the Airwaves: the Debate Over Indecency||
years, parents have complained about the rise of sex, violence and crude language
on television and radio, so why is broadcast indecency getting so much attention
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90 million people, many of them kids, watched the Super Bowl's half-time performance
that ended with the exposure of singer Janet Jackson's breast, some 500,000 people
wrote angry letters to government officials about the rise of lewd sexuality and
vulgarity on television.
Since that infamous half-time show, Congress and
the Federal Communications Commission, the government agency that oversees the
telecommunications and media industry, have been reviewing ways to better enforce
broadcast indecency laws.
what is indecency? |
U.S. law, indecent programming encompasses any reference to sexual or excretory
functions. The FCC prohibits broadcast radio and television stations from airing
such material between 6 a.m. and 10 p.m.
The law also forbids
the broadcast of "obscenity" -- the depiction of sexual conduct in a
"lewd and offensive way" -- at any time on over-the-air radio and TV.
While cable and satellite TV channels like HBO do not face such restrictions,
the FCC can fine regular broadcast or 'over-the-air' channels and even take away
a station's broadcast rights for violating these rules.
In January 2004,
the FCC leveled its biggest fine of $755,000 against Clear Channel Communications
Inc., the nation's largest radio station chain, for decency violations on the
"Bubba the Love Sponge" show.
officials say their agency lacks the necessary tools to compel broadcasters to
follow the rules, prompting Congress to consider new laws to give the FCC more
In March, the House of Representatives overwhelmingly approved
a bill -- called the Broadcast Decency Enforcement Act -- that would raise fines
against violators by nearly four times. Under the House bill, the FCC could fine
performers -- whether disc jockeys, TV personalities or on-air guests -- up to
$500,000, a significant jump from the existing $11,000. The Senate is considering
a similar bill.
is at stake here is that corporations will finally be fined at levels that will
make them not air indecency," says Lara Mahaney, director of corporate and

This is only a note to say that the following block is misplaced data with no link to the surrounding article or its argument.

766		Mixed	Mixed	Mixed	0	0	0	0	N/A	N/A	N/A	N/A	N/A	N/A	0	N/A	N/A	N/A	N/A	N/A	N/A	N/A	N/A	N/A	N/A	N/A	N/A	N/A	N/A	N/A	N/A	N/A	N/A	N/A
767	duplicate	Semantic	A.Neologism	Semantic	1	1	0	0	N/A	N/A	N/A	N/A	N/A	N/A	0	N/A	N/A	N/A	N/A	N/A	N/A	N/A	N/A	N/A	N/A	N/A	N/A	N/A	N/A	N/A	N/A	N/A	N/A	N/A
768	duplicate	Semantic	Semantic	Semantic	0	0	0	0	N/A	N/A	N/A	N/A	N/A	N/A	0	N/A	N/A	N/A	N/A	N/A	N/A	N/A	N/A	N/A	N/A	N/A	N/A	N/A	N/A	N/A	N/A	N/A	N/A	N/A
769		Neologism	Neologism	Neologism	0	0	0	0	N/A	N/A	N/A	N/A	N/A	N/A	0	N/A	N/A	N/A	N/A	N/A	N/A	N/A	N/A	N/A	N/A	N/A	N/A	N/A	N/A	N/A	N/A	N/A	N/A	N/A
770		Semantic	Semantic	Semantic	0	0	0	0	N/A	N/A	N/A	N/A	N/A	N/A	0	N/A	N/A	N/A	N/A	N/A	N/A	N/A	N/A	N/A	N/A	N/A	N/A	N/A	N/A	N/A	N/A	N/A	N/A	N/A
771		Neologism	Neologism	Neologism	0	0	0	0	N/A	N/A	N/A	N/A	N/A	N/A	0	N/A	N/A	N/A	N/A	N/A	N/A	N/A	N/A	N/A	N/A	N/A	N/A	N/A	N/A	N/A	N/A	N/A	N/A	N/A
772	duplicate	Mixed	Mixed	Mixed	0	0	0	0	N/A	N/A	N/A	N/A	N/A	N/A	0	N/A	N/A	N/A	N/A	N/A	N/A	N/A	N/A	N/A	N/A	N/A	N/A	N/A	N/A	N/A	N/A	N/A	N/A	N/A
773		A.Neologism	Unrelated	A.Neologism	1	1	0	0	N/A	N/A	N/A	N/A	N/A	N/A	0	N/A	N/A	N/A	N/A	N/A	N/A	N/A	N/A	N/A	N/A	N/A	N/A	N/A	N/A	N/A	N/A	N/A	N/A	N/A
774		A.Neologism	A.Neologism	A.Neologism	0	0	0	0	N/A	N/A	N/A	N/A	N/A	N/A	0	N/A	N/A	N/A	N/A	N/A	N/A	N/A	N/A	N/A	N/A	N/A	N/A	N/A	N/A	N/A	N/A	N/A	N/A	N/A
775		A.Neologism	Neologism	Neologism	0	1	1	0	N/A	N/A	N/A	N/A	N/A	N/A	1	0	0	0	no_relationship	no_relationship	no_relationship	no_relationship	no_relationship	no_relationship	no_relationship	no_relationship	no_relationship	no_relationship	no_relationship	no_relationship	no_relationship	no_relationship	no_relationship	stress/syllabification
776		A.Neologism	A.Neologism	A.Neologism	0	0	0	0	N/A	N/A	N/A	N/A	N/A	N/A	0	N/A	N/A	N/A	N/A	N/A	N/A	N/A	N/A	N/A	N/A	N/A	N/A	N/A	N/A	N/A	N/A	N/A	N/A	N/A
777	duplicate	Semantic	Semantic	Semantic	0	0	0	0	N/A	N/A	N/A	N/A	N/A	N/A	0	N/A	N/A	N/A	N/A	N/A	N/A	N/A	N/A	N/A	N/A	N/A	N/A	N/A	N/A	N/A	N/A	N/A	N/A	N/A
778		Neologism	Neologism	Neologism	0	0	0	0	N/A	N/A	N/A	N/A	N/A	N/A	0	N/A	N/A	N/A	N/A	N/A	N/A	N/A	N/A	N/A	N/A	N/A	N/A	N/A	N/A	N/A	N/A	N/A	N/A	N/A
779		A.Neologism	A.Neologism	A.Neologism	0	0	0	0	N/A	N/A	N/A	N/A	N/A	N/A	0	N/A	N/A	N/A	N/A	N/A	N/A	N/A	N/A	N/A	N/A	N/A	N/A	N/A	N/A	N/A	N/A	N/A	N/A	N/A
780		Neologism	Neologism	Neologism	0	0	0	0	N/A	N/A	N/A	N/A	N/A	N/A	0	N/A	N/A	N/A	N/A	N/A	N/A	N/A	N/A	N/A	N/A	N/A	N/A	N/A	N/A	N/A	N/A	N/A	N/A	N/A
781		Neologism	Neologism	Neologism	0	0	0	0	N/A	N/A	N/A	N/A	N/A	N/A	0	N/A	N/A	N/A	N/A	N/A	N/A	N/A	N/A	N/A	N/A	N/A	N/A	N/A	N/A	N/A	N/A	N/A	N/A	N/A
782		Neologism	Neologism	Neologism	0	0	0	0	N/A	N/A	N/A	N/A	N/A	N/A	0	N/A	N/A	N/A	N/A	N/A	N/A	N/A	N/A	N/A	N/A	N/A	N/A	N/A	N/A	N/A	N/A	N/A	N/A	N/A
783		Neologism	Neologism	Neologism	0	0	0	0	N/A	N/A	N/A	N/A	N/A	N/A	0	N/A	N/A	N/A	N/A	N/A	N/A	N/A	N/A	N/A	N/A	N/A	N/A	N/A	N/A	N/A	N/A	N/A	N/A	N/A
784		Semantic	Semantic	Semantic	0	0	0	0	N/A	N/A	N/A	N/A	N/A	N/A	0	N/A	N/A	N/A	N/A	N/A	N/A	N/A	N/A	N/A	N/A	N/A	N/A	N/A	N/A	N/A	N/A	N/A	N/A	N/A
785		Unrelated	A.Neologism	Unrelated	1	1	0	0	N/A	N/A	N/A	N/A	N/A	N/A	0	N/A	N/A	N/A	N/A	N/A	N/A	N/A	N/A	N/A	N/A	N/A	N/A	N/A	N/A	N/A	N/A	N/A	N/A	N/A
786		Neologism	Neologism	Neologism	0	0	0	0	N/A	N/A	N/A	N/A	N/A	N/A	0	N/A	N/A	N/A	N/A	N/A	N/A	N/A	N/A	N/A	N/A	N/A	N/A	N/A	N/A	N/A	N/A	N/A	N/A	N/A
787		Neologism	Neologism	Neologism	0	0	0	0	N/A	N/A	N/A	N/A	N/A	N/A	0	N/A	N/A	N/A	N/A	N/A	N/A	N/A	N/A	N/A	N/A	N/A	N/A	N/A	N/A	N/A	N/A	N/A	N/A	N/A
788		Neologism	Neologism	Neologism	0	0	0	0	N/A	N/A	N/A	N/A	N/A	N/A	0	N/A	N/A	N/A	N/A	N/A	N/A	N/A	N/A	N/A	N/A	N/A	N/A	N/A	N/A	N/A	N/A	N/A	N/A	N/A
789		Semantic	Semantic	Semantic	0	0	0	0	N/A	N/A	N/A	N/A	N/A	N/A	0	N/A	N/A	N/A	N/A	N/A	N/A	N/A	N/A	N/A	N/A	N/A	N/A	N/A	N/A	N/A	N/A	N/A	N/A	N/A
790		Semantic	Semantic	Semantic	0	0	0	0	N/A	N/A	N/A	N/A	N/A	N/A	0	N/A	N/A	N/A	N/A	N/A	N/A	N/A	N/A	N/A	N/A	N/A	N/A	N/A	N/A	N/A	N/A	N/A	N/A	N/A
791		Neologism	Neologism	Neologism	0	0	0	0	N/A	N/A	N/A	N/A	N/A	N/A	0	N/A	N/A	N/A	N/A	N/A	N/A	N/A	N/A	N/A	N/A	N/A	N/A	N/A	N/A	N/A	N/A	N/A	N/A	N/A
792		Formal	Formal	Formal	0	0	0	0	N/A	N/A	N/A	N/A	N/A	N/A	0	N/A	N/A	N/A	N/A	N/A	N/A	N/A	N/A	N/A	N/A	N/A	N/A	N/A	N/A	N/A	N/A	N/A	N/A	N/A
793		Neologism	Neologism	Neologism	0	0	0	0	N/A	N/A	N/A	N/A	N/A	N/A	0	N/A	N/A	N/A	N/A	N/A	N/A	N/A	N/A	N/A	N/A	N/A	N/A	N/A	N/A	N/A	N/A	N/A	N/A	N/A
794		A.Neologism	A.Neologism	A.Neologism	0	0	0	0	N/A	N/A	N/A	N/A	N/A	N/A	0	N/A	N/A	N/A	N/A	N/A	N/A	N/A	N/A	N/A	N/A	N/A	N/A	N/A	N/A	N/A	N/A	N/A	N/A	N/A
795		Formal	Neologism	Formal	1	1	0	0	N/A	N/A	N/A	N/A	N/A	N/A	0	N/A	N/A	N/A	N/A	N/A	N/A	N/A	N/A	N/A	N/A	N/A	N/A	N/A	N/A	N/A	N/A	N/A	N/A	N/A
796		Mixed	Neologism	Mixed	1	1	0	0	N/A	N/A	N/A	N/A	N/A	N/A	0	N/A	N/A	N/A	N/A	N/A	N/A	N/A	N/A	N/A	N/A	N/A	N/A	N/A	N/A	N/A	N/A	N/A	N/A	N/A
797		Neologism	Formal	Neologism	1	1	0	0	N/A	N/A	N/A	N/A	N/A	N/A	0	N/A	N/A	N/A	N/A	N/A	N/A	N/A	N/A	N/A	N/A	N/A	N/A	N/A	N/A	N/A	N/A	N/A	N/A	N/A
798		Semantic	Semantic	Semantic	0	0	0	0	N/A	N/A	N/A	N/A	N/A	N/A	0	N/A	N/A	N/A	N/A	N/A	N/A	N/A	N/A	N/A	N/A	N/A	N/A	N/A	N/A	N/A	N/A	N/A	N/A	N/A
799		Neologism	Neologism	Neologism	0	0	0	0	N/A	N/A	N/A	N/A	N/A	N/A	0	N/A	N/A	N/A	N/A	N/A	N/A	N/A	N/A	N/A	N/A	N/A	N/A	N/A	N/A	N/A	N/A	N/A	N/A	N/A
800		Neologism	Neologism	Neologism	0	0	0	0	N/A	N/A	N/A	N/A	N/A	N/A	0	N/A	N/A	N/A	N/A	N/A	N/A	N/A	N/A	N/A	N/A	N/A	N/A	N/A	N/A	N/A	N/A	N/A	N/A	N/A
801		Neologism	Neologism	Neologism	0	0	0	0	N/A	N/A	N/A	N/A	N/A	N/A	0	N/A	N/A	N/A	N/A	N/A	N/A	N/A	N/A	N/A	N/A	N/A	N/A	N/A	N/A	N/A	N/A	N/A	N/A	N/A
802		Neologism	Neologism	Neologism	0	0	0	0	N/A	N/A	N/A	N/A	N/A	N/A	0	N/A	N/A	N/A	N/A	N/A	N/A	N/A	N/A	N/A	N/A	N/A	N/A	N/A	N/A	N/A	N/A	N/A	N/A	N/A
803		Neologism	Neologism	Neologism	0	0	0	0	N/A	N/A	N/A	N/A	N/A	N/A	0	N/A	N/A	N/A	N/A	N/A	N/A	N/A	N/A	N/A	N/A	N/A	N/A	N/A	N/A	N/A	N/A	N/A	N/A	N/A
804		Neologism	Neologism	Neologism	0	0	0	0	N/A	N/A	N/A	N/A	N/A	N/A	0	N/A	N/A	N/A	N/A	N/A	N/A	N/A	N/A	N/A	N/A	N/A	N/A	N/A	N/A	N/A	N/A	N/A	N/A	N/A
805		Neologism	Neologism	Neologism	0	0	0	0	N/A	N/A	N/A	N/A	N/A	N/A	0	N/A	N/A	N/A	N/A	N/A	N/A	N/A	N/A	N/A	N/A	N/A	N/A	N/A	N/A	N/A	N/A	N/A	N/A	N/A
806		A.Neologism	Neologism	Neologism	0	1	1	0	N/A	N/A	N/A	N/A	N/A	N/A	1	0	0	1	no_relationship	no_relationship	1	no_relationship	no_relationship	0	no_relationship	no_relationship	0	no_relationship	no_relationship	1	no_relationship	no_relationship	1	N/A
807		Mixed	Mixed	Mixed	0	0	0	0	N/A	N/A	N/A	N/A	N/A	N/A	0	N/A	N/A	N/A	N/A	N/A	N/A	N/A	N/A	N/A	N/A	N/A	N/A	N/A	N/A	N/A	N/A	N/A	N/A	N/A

entertainment affairs for the Parents Television Council, a group that has charged
the FCC with failing to aggressively enforce rules. "When they make speeding
tickets more expensive, they serve as a deterrent for speeding. We need that form
of deterrence here."
Republican Rep. Heather Wilson of New Mexico also
lashed out at the industry, accusing media companies of using sensational content
to attract more viewers: "You knew what you were doing. You knew that shock
and indecency creates a buzz that moves market share and lines your pockets,"
she told Mel Karmazin, president of Viacom Inc. -- owner of CBS, the network that
aired this year's Super Bowl -- at a Feb. 11 congressional hearing.
companies have voluntarily beefed up their own decency standards to avoid being
forced to do so.
For instance, Clear Channel suspended broadcasts of "shock
jock" Howard Stern's show and fired radio personality Todd Clem, known as
Bubba the Love Sponge. Clear Channel also said it
would use a 20-second delay for its live broadcasts, a precautionary step to prevent
the airing of indecent material.
And Viacom has promised a new zero tolerance
policy going forward.
Other broadcasters, including the ABC network, owned
by Walt Disney Inc., are also using short-time delays for live programs, giving
station engineers enough time to bleep out or cut away from potentially inappropriate
do you draw the line?|
many media executives, performers and free speech organizations criticize the
existing rules as too ambiguous and vague. They say the rules lead to random enforcement
and unfair interpretations of "indecency."
Marv Johnson, legislative
counsel for the American Civil Liberties Union points out: "The FCC is not
able to define indecency and keeps changing its mind about what it is. If the
FCC can't make the determination, how can broadcasters?"
point: During a live broadcast of the 2003 Golden Globe awards lead singer Bono
of U2 exclaimed, "It's f---ing brilliant" upon winning the prize for
best song in a motion picture. The FCC said last October that Bono's utterance
was not indecent or obscene because it did not refer to a sexual act.
the wake of the Super Bowl the FCC reversed itself in March, promising to crack
down on any use of that particular word in broadcast.
Liz Harper, Online NewsHour